The title Home to Harlem suggests that the famous New York “Black Belt” is the place to which African Americans return when they want to find true comfort and harmony, when they want to be among their “family” and friends, even though, like most of the characters, they have migrated from elsewhere—from Haiti, from Virginia, from Maryland (as in the cases of Ray, Jake and Zeddy, and Agatha, respectively). The novel is essentially an account of life in Harlem as seen through the experiences of Jake, who (though not a native New Yorker) has come to regard Harlem as his hometown and is constantly comparing it with other places in his experience. Though the brief sojourn of Jake gives a linear development to the plot, Home to Harlem is actually a cyclical novel, for it is apparent that Jake has opened and closed one episode of his life in Petersburg, Virginia, another in Europe (with the Army), and a third in Harlem, before entering on yet another in Chicago with Felice.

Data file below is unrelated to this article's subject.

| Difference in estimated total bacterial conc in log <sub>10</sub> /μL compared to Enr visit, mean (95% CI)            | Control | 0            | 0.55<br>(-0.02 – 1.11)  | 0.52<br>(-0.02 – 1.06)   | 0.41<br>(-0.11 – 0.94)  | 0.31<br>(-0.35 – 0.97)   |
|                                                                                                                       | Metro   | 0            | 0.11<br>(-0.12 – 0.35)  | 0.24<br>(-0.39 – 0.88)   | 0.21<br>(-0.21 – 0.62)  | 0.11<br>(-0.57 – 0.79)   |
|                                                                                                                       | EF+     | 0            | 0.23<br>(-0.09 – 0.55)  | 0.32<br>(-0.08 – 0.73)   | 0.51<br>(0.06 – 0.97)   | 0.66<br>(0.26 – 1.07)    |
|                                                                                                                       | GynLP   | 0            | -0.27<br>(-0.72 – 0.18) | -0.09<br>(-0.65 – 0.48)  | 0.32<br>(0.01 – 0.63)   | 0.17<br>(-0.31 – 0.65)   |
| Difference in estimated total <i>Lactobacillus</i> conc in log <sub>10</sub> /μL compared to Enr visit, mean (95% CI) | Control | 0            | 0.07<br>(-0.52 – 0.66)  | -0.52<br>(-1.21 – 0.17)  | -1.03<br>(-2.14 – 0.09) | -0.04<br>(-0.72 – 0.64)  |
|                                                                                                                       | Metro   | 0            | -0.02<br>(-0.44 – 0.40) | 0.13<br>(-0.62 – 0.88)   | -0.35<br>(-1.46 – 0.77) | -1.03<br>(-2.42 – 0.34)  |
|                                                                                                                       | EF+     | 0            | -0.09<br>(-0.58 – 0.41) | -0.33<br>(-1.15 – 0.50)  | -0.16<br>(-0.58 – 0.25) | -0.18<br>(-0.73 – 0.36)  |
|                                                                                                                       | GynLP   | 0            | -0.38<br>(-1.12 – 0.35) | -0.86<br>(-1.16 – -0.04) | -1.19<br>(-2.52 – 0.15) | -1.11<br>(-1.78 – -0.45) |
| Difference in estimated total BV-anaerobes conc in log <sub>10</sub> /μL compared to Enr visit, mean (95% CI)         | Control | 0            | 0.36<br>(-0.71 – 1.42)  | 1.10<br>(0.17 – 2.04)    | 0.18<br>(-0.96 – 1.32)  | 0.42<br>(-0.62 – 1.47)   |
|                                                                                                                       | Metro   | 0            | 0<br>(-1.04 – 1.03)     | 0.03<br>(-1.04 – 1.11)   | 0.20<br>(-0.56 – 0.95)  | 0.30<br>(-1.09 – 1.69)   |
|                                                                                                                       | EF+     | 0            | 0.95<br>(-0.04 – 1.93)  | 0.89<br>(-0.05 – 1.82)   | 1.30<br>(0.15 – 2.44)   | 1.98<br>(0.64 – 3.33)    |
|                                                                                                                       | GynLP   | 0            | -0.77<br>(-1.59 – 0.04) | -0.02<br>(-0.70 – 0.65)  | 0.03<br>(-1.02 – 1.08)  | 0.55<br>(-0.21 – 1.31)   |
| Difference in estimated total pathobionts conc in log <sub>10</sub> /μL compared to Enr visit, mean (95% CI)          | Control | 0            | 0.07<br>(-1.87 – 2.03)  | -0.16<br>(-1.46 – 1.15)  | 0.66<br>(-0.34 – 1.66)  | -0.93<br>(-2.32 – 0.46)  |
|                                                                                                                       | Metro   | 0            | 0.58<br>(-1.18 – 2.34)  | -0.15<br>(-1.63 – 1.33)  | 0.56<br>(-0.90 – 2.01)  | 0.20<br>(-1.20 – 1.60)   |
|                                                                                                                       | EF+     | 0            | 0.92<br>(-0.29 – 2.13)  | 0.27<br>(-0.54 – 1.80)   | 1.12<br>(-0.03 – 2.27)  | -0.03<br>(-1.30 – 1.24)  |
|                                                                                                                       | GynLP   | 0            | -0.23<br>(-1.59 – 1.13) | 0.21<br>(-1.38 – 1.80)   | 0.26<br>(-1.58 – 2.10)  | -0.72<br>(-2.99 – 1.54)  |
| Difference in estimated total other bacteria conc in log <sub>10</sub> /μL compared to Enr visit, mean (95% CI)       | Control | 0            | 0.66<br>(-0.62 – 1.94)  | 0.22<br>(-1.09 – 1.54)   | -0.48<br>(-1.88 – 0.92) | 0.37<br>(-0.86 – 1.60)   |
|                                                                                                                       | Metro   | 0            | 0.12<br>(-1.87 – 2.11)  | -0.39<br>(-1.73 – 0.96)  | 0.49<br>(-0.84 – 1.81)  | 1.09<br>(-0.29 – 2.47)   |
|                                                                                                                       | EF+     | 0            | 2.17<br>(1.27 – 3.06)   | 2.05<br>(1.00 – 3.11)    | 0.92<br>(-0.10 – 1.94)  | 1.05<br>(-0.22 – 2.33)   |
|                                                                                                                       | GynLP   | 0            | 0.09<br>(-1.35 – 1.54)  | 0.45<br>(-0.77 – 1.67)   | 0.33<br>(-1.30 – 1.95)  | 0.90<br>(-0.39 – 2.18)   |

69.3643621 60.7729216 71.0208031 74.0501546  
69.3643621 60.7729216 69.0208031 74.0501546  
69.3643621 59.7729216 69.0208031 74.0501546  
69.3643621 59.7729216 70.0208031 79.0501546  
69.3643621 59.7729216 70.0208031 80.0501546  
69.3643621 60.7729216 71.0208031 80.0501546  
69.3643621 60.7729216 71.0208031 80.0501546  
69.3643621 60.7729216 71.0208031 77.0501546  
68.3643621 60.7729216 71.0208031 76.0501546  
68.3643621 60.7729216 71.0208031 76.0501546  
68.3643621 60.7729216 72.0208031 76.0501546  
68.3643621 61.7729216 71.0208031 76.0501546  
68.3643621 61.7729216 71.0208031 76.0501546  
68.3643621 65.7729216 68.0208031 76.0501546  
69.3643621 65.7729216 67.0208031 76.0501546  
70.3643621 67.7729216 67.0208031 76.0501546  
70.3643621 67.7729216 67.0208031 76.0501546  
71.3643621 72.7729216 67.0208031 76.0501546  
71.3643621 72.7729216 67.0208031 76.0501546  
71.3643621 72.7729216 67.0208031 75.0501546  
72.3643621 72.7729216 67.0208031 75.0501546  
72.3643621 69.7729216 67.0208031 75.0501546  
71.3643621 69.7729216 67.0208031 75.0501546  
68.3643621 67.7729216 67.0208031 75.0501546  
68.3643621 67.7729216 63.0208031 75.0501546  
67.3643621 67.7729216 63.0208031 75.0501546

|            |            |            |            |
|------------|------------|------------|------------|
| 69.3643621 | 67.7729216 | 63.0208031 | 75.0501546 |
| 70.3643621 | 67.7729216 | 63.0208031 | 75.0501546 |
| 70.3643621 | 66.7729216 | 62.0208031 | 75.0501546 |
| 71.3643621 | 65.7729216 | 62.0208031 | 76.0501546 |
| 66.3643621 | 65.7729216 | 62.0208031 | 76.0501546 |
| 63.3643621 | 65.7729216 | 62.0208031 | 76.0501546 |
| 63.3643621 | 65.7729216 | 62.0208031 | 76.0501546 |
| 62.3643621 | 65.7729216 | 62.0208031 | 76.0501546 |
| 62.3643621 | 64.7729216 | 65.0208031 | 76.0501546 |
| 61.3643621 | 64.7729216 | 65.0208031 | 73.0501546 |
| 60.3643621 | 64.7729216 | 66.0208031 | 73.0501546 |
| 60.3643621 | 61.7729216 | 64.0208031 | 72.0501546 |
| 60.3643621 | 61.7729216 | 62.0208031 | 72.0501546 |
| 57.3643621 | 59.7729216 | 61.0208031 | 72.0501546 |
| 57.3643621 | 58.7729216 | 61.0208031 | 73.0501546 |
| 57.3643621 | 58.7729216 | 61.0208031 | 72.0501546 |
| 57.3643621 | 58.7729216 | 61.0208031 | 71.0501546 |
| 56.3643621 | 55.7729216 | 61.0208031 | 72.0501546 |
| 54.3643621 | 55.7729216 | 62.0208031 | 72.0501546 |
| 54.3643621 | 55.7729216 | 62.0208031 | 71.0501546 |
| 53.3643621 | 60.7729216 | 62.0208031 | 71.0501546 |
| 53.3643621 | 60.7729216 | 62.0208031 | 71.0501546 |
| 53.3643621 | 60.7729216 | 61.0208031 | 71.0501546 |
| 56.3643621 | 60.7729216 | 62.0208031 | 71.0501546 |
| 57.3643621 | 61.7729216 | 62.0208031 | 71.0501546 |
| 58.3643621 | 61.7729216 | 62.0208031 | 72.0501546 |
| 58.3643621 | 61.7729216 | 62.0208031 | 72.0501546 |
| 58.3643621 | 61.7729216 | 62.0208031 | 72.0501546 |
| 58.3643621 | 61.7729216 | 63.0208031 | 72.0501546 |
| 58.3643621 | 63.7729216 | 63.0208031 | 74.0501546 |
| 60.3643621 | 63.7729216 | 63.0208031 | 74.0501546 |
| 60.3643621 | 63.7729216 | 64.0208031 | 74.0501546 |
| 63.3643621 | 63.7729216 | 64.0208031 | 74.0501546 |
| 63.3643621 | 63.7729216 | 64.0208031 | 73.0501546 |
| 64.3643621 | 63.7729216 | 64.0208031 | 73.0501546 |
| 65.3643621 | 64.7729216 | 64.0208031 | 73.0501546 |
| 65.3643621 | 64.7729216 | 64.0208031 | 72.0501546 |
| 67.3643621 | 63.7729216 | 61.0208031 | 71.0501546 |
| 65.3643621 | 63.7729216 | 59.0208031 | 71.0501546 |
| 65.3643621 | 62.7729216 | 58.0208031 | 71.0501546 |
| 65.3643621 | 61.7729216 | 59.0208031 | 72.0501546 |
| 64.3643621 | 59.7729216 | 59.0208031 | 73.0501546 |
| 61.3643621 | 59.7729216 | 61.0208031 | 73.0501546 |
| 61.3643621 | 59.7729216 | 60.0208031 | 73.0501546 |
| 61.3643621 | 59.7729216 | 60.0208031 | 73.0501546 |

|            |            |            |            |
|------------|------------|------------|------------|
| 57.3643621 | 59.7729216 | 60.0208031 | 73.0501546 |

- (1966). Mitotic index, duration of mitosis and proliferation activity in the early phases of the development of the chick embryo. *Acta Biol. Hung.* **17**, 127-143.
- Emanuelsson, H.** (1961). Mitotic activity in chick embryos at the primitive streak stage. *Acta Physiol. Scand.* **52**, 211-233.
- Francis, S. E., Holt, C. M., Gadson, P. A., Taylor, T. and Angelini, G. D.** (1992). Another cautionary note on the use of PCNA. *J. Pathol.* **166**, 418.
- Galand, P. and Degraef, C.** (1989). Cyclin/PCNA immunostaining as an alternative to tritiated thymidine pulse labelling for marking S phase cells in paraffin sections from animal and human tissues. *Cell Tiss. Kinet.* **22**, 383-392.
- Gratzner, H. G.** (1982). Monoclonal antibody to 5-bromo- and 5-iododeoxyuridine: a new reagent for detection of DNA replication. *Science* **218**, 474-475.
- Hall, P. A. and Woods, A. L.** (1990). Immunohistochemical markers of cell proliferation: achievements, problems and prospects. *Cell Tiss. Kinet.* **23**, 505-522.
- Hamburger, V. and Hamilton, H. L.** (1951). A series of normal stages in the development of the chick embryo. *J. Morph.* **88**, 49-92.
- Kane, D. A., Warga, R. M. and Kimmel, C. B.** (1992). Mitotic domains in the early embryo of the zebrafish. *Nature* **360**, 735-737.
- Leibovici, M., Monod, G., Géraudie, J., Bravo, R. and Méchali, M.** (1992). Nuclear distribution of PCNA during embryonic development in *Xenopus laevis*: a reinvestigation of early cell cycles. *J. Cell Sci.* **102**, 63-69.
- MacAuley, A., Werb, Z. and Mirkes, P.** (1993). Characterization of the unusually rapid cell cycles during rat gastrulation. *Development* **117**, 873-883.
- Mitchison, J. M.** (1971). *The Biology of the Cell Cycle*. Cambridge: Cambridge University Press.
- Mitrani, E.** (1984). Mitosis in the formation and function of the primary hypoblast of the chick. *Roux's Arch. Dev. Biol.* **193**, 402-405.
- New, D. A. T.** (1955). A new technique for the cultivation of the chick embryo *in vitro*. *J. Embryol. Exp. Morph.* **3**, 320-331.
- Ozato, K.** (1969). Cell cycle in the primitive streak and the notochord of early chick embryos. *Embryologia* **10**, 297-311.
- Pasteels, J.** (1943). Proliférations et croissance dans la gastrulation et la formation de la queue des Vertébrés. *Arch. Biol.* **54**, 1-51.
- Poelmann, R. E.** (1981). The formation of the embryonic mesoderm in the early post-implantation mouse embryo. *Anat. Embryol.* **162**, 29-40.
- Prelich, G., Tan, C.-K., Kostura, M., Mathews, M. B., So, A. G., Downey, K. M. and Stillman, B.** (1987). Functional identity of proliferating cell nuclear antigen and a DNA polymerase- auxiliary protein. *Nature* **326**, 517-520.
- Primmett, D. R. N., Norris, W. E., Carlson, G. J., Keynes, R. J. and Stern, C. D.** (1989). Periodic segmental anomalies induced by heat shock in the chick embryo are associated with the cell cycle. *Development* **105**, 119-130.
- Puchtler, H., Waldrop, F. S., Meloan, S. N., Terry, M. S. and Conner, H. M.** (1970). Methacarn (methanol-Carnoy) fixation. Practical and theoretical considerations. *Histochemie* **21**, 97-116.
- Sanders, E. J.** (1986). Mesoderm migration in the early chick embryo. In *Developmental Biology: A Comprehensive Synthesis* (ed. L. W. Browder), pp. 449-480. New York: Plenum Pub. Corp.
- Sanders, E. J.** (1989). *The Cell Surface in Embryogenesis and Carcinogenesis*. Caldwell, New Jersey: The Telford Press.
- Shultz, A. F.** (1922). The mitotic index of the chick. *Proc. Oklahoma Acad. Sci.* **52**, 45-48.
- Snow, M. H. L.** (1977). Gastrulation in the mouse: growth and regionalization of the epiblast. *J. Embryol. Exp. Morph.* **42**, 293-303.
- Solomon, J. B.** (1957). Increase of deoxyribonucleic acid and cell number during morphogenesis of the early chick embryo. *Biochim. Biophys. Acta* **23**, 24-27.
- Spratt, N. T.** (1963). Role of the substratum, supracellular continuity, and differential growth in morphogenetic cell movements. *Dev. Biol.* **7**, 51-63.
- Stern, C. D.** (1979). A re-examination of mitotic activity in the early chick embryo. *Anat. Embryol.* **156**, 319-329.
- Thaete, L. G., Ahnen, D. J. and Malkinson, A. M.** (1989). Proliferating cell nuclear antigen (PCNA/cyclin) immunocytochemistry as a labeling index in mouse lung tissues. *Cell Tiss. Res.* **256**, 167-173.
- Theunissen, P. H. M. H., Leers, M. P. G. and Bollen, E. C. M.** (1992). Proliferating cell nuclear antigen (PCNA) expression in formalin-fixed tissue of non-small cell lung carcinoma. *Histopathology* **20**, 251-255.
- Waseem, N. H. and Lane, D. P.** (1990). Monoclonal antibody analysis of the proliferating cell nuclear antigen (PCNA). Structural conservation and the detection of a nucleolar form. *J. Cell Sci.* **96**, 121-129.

The story opens with Jake working as a stoker aboard a freighter en route from Cardiff, Wales, to New York. He had joined the Army with patriotic motives, but when he was assigned to carrying building materials for barracks, he became disillusioned, donned civilian clothes, and went to London, where he worked on the docks and lived in the East End. He was horrified by the race riots of 1919, so he shipped out for America, for Harlem, for brown lips “full and pouted for sweet kissing. Brown breasts throbbing with love.” His London mistress was now just “a creature of another race—of another world.” It is this antithesis of the white and black cultures that informs the whole novel: McKay...
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